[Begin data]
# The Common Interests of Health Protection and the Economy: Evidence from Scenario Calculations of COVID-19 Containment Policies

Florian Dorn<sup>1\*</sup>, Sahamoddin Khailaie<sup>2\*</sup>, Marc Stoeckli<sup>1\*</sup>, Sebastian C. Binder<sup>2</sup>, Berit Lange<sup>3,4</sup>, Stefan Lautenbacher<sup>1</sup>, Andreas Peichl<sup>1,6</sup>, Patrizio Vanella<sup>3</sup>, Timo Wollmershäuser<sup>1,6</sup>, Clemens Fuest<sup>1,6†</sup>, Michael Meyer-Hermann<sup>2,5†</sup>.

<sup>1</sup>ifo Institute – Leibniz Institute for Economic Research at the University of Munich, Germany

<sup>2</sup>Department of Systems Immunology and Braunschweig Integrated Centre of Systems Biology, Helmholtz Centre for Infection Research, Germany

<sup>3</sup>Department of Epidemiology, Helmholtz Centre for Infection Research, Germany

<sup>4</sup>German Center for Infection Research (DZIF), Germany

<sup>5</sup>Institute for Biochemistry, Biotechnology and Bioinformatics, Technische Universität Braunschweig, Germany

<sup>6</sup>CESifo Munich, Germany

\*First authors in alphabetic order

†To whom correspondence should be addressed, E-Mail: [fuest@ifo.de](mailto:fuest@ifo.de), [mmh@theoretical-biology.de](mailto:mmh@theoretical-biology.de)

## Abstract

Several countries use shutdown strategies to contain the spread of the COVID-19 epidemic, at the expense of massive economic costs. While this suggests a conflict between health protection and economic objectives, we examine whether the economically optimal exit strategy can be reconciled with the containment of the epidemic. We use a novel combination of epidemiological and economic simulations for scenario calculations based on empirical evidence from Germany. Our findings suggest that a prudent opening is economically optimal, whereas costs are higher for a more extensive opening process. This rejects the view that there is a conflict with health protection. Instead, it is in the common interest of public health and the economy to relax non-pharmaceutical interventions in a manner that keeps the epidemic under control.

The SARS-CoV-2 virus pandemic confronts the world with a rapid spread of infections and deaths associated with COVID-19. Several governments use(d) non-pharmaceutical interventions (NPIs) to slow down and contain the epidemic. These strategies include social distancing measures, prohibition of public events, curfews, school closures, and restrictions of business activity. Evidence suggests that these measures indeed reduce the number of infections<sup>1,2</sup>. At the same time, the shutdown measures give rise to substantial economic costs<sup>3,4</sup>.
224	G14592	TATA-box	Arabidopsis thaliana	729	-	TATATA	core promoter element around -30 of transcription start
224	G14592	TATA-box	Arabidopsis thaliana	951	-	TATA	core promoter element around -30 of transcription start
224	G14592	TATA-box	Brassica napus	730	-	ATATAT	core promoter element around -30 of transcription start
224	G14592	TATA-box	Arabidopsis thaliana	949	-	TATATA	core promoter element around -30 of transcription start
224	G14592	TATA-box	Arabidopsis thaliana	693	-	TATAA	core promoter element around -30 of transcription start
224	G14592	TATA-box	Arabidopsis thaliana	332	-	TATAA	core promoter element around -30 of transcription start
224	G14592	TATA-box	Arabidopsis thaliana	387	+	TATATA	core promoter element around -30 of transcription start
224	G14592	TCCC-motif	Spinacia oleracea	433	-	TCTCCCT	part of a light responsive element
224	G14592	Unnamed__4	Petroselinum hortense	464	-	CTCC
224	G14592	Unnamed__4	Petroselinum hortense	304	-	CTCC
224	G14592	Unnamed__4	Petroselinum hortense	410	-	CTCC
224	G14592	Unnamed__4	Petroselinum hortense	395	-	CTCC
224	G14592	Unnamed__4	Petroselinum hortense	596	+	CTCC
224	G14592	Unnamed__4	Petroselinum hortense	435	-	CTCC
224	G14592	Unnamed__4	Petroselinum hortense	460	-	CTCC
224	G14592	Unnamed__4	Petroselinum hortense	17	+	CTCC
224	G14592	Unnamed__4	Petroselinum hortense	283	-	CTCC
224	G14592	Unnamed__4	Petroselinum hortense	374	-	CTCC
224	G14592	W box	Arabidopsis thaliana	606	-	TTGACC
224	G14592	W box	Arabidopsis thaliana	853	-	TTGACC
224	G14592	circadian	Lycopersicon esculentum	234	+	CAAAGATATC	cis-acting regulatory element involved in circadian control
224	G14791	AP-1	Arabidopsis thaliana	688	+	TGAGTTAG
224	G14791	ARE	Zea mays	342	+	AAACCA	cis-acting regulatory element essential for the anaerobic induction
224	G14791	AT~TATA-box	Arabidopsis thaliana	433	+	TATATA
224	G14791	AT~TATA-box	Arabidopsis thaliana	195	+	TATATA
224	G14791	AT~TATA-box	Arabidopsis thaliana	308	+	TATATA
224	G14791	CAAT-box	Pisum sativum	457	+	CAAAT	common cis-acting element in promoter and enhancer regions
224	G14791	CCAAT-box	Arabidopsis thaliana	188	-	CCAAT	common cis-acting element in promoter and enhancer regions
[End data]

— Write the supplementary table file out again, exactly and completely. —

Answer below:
# The Common Interests of Health Protection and the Economy: Evidence from Scenario Calculations of COVID-19 Containment Policies

Florian Dorn<sup>1\*</sup>, Sahamoddin Khailaie<sup>2\*</sup>, Marc Stoeckli<sup>1\*</sup>, Sebastian C. Binder<sup>2</sup>, Berit Lange<sup>3,4</sup>, Stefan Lautenbacher<sup>1</sup>, Andreas Peichl<sup>1,6</sup>, Patrizio Vanella<sup>3</sup>, Timo Wollmershäuser<sup>1,6</sup>, Clemens Fuest<sup>1,6†</sup>, Michael Meyer-Hermann<sup>2,5†</sup>.

<sup>1</sup>ifo Institute – Leibniz Institute for Economic Research at the University of Munich, Germany

<sup>2</sup>Department of Systems Immunology and Braunschweig Integrated Centre of Systems Biology, Helmholtz Centre for Infection Research, Germany

<sup>3</sup>Department of Epidemiology, Helmholtz Centre for Infection Research, Germany

<sup>4</sup>German Center for Infection Research (DZIF), Germany

<sup>5</sup>Institute for Biochemistry, Biotechnology and Bioinformatics, Technische Universität Braunschweig, Germany

<sup>6</sup>CESifo Munich, Germany

\*First authors in alphabetic order

†To whom correspondence should be addressed, E-Mail: [fuest@ifo.de](mailto:fuest@ifo.de), [mmh@theoretical-biology.de](mailto:mmh@theoretical-biology.de)

## Abstract

Several countries use shutdown strategies to contain the spread of the COVID-19 epidemic, at the expense of massive economic costs. While this suggests a conflict between health protection and economic objectives, we examine whether the economically optimal exit strategy can be reconciled with the containment of the epidemic. We use a novel combination of epidemiological and economic simulations for scenario calculations based on empirical evidence from Germany. Our findings suggest that a prudent opening is economically optimal, whereas costs are higher for a more extensive opening process. This rejects the view that there is a conflict with health protection. Instead, it is in the common interest of public health and the economy to relax non-pharmaceutical interventions in a manner that keeps the epidemic under control.

The SARS-CoV-2 virus pandemic confronts the world with a rapid spread of infections and deaths associated with COVID-19. Several governments use(d) non-pharmaceutical interventions (NPIs) to slow down and contain the epidemic. These strategies include social distancing measures, prohibition of public events, curfews, school closures, and restrictions of business activity. Evidence suggests that these measures indeed reduce the number of infections<sup>1,2</sup>. At the same time, the shutdown measures give rise to substantial economic costs<sup>3,4</sup>.
224	G14592	TATA-box	Arabidopsis thaliana	729	-	TATATA	core promoter element around -30 of transcription start
224	G14592	TATA-box	Arabidopsis thaliana	951	-	TATA	core promoter element around -30 of transcription start
224	G14592	TATA-box	Brassica napus	730	-	ATATAT	core promoter element around -30 of transcription start
224	G14592	TATA-box	Arabidopsis thaliana	949	-	TATATA	core promoter element around -30 of transcription start
224	G14592	TATA-box	Arabidopsis thaliana	693	-	TATAA	core promoter element around -30 of transcription start
224	G14592	TATA-box	Arabidopsis thaliana	332	-	TATAA	core promoter element around -30 of transcription start
224	G14592	TATA-box	Arabidopsis thaliana	387	+	TATATA	core promoter element around -30 of transcription start
224	G14592	TCCC-motif	Spinacia oleracea	433	-	TCTCCCT	part of a light responsive element
224	G14592	Unnamed__4	Petroselinum hortense	464	-	CTCC
224	G14592	Unnamed__4	Petroselinum hortense	304	-	CTCC
224	G14592	Unnamed__4	Petroselinum hortense	410	-	CTCC
224	G14592	Unnamed__4	Petroselinum hortense	395	-	CTCC
224	G14592	Unnamed__4	Petroselinum hortense	596	+	CTCC
224	G14592	Unnamed__4	Petroselinum hortense	435	-	CTCC
224	G14592	Unnamed__4	Petroselinum hortense	460	-	CTCC
224	G14592	Unnamed__4	Petroselinum hortense	17	+	CTCC
224	G14592	Unnamed__4	Petroselinum hortense	283	-	CTCC
224	G14592	Unnamed__4	Petroselinum hortense	374	-	CTCC
224	G14592	W box	Arabidopsis thaliana	606	-	TTGACC
224	G14592	W box	Arabidopsis thaliana	853	-	TTGACC
224	G14592	circadian	Lycopersicon esculentum	234	+	CAAAGATATC	cis-acting regulatory element involved in circadian control
224	G14791	AP-1	Arabidopsis thaliana	688	+	TGAGTTAG
224	G14791	ARE	Zea mays	342	+	AAACCA	cis-acting regulatory element essential for the anaerobic induction
224	G14791	AT~TATA-box	Arabidopsis thaliana	433	+	TATATA
224	G14791	AT~TATA-box	Arabidopsis thaliana	195	+	TATATA
224	G14791	AT~TATA-box	Arabidopsis thaliana	308	+	TATATA
224	G14791	CAAT-box	Pisum sativum	457	+	CAAAT	common cis-acting element in promoter and enhancer regions
224	G14791	CCAAT-box	Arabidopsis thaliana	188	-	CCAAT	common cis-acting element in promoter and enhancer regions